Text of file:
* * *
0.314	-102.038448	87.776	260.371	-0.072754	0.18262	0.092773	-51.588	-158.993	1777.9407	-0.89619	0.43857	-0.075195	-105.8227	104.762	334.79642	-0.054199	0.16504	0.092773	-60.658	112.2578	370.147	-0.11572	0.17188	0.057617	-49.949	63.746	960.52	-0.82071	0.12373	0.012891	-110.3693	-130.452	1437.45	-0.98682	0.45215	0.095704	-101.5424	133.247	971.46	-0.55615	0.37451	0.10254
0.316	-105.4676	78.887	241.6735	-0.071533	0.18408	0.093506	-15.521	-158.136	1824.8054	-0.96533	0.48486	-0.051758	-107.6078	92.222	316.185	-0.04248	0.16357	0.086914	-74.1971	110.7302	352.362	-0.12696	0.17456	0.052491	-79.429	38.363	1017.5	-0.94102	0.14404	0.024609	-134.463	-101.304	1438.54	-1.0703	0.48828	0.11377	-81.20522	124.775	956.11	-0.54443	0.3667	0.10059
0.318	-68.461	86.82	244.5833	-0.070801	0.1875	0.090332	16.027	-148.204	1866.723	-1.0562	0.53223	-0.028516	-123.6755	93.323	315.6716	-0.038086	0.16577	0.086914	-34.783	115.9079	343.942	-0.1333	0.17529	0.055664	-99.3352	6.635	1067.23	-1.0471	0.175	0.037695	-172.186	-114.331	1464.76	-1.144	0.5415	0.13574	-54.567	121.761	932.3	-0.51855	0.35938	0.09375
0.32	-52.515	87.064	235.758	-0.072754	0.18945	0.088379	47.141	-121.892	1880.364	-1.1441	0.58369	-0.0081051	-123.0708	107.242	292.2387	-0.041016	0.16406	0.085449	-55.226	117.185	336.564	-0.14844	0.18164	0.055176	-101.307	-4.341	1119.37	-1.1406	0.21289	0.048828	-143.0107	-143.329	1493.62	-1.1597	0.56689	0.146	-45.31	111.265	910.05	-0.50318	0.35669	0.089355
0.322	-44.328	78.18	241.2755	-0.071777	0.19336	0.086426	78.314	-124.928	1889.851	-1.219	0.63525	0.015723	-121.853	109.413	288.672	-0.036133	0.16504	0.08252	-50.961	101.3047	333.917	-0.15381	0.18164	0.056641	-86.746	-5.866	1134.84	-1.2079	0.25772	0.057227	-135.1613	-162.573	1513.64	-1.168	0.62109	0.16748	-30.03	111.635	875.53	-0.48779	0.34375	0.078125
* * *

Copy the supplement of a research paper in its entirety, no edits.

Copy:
0.314	-102.038448	87.776	260.371	-0.072754	0.18262	0.092773	-51.588	-158.993	1777.9407	-0.89619	0.43857	-0.075195	-105.8227	104.762	334.79642	-0.054199	0.16504	0.092773	-60.658	112.2578	370.147	-0.11572	0.17188	0.057617	-49.949	63.746	960.52	-0.82071	0.12373	0.012891	-110.3693	-130.452	1437.45	-0.98682	0.45215	0.095704	-101.5424	133.247	971.46	-0.55615	0.37451	0.10254
0.316	-105.4676	78.887	241.6735	-0.071533	0.18408	0.093506	-15.521	-158.136	1824.8054	-0.96533	0.48486	-0.051758	-107.6078	92.222	316.185	-0.04248	0.16357	0.086914	-74.1971	110.7302	352.362	-0.12696	0.17456	0.052491	-79.429	38.363	1017.5	-0.94102	0.14404	0.024609	-134.463	-101.304	1438.54	-1.0703	0.48828	0.11377	-81.20522	124.775	956.11	-0.54443	0.3667	0.10059
0.318	-68.461	86.82	244.5833	-0.070801	0.1875	0.090332	16.027	-148.204	1866.723	-1.0562	0.53223	-0.028516	-123.6755	93.323	315.6716	-0.038086	0.16577	0.086914	-34.783	115.9079	343.942	-0.1333	0.17529	0.055664	-99.3352	6.635	1067.23	-1.0471	0.175	0.037695	-172.186	-114.331	1464.76	-1.144	0.5415	0.13574	-54.567	121.761	932.3	-0.51855	0.35938	0.09375
0.32	-52.515	87.064	235.758	-0.072754	0.18945	0.088379	47.141	-121.892	1880.364	-1.1441	0.58369	-0.0081051	-123.0708	107.242	292.2387	-0.041016	0.16406	0.085449	-55.226	117.185	336.564	-0.14844	0.18164	0.055176	-101.307	-4.341	1119.37	-1.1406	0.21289	0.048828	-143.0107	-143.329	1493.62	-1.1597	0.56689	0.146	-45.31	111.265	910.05	-0.50318	0.35669	0.089355
0.322	-44.328	78.18	241.2755	-0.071777	0.19336	0.086426	78.314	-124.928	1889.851	-1.219	0.63525	0.015723	-121.853	109.413	288.672	-0.036133	0.16504	0.08252	-50.961	101.3047	333.917	-0.15381	0.18164	0.056641	-86.746	-5.866	1134.84	-1.2079	0.25772	0.057227	-135.1613	-162.573	1513.64	-1.168	0.62109	0.16748	-30.03	111.635	875.53	-0.48779	0.34375	0.078125